I subsequently learned that Gould had spent many years in restoring the marine chronometers invented by John Harrison and for which he, John Harrison, was ultimately rewarded with the £20,000 promised by the British Board of longitude for finding a means to accurately establish a ship's position at sea. This offer was published in 17I4 and I had already decided that Bessler's decision to ask for £20,000, also in 1714, an identical sum of money, for the secret of his wheel, had been motivated by seeing a similar sum being offered as a reward, and clearly believed that his invention was at least as valuable.
Even though I could see that there were grounds for suspecting there was a connection between Gould's inclusion of the story of Bessler's wheel in his book, and his work on Harrison's chronometer, I didn't know what it was. Yes, the sums of money were the same, but that fact alone would not have pointed Gould towards Bessler, there had to be some other connection and there was.
In order to thoroughly acquaint himself with the workings of the marine chronometer, Harrison spent weeks studying each part before even beginning to disassemble any of it. He also studied numerous treatises on the subject including works by Huygens and interestingly, John Harris, whose 'Lexicon Technicum or Universal English Dictionary of Arts and Sciences',was published in two volumes in 1704 and 1708. Both volumes included very favourable comments about John Rowley, Master of Mechanics to the King. It is believed that Rowley made a number of the parts required for Harrison's' timepieces, and therefore he was a worthy subject for research by Gould. It would soon have caught Gould's attention that Rowley had become convinced that Bessler's wheel was genuine, since he had visited Kassel and examined the wheel at the time. Knowing of the high esteem Rowley was held in by his peers, Gould would have wanted to research this story for further information either for the clocks he was working on to discover how Bessler did it. He never found out and sadly commented that 'we must assume an imposition'. But that seems to have been the connection between Gould and Bessler's life. Gould published the results of his research in 'Oddities'.
We tend to dismiss the beliefs of experts from another age, and yet John Rowley himself showed great technical expertise with the amazing variety of instruments he manufactured to order. After having seen Bessler's wheel for himself, he spent the rest of his life seeking the solution for his own satisfaction. Rupert Gould was another, and although he assumed the wheel must have been a fake, it was not for want of trying to prove it was genuine, his own mechanical skills were beyond question Christian Wolf, Gottfried Leibniz, Willem 's Gravesande and many of the witnesses to the wheel's performance were highly articulate men with some of the most brilliant minds of their day and they too became convinced that Bessler's wheel was genuine - it is so easy for us to dismiss their opinions some 300 years after the event, assuming that they lacked our sophistication and ability to see through frauds. The fact is that they were just the same as we are with equal ability to test for themselves the authenticity of Bessler's claims. e should accept their view that the wheel was genuine and get on with seeking the solution. There is no reason why we cannot solve this mystery with some original thinking and Bessler himself said that we all tend to go over the same ground over and over in our attempts to do what he did.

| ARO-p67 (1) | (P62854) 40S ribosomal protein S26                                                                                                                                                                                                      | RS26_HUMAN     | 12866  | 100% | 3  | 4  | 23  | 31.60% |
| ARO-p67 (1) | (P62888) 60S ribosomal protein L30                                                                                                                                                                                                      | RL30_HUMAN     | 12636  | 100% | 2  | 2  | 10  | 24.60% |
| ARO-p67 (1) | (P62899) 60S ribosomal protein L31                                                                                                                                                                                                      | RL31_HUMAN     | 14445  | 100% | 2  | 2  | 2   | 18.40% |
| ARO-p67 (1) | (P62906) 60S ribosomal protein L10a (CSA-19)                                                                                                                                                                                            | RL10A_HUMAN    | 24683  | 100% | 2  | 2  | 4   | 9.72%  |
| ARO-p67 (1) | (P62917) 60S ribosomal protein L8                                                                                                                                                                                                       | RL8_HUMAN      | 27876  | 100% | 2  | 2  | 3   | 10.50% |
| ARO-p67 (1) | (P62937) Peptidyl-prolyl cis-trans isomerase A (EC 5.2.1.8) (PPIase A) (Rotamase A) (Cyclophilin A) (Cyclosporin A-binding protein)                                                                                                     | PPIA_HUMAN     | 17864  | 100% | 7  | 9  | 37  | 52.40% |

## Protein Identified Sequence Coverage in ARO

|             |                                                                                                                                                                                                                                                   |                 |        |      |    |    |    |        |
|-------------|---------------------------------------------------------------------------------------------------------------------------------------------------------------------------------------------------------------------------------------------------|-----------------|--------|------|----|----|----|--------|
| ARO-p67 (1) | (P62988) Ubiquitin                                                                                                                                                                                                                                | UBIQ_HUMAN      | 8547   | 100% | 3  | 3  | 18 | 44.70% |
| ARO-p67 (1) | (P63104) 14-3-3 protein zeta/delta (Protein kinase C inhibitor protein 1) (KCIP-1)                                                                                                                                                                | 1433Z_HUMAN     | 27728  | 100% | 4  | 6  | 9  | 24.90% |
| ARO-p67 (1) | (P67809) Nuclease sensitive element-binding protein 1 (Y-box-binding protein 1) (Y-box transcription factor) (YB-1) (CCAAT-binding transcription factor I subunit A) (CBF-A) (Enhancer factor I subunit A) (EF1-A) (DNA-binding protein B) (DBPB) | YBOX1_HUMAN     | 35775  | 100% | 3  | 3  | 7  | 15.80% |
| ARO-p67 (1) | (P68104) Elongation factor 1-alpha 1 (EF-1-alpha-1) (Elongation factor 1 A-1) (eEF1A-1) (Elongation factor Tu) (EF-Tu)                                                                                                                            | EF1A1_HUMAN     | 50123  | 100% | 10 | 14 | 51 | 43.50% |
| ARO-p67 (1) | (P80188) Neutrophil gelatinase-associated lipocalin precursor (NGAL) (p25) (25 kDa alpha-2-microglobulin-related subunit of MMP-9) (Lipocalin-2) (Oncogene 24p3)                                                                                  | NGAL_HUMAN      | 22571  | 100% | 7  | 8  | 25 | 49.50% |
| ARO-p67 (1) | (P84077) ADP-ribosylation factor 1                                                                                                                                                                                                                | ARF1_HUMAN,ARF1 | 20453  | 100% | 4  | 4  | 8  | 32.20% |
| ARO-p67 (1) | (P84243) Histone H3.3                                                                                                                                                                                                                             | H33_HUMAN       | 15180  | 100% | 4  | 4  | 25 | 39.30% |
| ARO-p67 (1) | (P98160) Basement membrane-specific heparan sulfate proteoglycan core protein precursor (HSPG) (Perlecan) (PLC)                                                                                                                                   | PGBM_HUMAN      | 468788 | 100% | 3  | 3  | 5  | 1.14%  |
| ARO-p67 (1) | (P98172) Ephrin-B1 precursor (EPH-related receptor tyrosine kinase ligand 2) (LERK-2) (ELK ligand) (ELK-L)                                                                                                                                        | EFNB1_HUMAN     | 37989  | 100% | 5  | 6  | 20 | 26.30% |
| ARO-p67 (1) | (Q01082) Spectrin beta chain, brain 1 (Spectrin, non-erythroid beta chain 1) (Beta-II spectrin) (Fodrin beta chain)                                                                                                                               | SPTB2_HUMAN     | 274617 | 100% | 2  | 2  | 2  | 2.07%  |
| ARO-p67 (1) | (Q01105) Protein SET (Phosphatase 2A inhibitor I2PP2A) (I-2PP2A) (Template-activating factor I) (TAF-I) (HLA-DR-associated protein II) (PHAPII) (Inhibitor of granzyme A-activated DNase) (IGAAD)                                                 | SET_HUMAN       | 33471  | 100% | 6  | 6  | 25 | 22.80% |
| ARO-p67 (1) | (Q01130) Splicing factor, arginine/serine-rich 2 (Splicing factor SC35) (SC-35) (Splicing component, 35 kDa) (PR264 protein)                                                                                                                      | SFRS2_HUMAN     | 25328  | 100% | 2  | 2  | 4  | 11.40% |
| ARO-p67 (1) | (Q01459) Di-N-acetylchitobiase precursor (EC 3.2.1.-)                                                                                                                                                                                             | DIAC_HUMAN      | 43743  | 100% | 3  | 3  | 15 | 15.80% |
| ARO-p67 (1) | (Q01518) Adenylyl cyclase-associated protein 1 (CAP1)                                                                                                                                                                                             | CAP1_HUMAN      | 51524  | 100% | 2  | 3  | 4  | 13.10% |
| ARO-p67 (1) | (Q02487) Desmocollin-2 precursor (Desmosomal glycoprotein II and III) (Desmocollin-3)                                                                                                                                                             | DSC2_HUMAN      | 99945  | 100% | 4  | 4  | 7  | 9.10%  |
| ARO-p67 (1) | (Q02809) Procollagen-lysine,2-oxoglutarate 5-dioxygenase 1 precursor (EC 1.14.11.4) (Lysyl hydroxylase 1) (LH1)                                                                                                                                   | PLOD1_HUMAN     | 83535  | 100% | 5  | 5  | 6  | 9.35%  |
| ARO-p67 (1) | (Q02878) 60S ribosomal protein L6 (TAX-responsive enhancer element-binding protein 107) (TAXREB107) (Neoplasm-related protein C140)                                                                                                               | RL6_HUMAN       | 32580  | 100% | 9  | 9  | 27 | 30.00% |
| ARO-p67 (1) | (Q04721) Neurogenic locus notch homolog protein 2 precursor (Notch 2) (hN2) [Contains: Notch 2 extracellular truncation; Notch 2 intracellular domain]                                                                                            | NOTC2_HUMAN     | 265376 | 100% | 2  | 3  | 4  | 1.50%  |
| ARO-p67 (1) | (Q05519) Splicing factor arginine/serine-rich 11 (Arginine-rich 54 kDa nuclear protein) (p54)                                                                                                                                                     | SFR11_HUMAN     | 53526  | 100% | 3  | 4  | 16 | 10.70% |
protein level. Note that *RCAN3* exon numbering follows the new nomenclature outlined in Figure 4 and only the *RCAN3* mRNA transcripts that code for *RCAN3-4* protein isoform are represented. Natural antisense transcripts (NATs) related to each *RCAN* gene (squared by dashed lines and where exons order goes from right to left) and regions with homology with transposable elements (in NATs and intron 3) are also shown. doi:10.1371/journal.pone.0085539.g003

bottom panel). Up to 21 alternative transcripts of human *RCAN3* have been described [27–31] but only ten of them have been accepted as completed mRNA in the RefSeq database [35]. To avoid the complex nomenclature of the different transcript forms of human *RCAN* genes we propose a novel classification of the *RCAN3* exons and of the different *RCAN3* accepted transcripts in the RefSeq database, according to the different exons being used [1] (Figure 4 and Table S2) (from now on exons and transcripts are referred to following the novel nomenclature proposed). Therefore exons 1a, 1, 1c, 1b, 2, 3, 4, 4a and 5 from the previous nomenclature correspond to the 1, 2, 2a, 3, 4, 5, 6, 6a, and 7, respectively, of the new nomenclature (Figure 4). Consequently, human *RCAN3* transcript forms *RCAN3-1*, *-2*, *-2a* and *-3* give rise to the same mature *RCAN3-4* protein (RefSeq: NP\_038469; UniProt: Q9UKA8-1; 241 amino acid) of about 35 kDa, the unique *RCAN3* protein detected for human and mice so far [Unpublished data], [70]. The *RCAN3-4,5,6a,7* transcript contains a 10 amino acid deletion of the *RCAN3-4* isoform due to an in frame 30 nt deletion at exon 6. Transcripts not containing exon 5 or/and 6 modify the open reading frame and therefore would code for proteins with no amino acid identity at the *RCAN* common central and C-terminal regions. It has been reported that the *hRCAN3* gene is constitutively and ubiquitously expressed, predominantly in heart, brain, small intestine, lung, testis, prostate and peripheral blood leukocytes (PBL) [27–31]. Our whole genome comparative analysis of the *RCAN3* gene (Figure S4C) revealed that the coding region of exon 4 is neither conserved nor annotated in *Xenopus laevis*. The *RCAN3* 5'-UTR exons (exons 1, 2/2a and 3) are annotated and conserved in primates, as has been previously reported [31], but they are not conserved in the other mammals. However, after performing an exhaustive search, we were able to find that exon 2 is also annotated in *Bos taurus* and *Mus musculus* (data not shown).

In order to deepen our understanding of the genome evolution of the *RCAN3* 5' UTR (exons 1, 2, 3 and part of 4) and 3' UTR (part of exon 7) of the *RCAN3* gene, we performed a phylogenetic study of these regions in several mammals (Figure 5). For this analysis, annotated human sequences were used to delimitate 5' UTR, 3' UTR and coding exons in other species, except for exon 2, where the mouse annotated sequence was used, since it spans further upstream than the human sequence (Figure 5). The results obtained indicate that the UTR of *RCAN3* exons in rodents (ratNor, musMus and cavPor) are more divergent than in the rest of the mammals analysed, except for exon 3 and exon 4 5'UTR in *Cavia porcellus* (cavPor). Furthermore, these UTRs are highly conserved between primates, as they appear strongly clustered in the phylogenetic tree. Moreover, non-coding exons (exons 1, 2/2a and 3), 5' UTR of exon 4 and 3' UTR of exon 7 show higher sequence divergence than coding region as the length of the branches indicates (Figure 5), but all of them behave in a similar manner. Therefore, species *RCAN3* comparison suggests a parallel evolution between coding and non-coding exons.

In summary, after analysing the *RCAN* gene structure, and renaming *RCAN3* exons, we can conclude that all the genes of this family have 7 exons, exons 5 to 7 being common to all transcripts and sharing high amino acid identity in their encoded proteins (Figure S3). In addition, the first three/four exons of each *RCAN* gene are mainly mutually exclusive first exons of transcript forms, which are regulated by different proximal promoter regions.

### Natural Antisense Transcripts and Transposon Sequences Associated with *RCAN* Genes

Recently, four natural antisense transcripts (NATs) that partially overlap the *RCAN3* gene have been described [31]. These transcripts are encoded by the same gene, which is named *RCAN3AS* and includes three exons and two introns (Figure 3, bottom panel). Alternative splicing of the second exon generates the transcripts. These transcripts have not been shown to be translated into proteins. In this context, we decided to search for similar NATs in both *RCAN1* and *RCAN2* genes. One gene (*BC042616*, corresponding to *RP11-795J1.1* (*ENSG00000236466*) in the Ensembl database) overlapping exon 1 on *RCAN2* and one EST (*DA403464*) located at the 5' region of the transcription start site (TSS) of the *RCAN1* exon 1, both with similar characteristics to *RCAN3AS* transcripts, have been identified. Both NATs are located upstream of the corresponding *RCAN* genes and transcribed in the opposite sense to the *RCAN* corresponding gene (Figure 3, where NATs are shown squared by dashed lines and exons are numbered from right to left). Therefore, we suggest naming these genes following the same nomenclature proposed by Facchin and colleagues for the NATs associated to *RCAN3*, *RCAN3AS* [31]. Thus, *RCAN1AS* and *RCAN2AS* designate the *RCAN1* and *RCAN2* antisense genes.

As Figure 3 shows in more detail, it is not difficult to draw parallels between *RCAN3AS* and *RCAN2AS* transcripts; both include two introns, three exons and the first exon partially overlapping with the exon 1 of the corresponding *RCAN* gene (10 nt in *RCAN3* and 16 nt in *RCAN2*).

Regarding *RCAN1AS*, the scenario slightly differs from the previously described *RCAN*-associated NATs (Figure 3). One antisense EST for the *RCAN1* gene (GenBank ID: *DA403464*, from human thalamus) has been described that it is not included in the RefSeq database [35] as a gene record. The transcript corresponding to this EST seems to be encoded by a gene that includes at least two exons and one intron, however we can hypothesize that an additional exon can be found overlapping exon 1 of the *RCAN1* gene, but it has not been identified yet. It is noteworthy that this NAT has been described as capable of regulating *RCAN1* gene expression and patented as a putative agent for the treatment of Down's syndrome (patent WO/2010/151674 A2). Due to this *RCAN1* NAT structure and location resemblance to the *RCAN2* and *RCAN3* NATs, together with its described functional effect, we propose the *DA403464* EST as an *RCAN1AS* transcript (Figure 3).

And on a completely different matter - this for amusement only and I am not suggesting any of it is fact. Reading a text from a member of my family I was struck by an interesting coincidence. In the message the writer had used a familiar abbreviation for the word 'waiting'. He put W8ing. I was thinking about this when I realised that, according to my personal belief, as Bessler's wheel was driven by a certain configuration of weights and therefore relied exclusively on gravity for its energy, the word 'weight', could also be abbreviated to W8. This, on its own, is not a new concept but what was interesting to me was the fact that, according to von Erlach, 'about eight weights were heard landing on the side towards which the wheel turned', thus providing the connection to the number of weights thought to be working within the wheel - eight. But there's more.
The infinity symbol (sometimes called the lemniscate) is a mathematical symbol representing the concept of infinity, it looks like the figure eight lying on its side and thus forms another connection with the concept of perpetual motion, non-stop or perpetual or infinite.
As if that were not enough, Bessler's fascination with the number 5 and 55, as evidenced in numerous instances throughout his published and unpublished works, is often shown encoded as a 'W', which he explains is made up of two letter 'V's, or the Roman numeral 5.
You can find a number of fascinating coincidences in Bessler's works - don't be misled by them!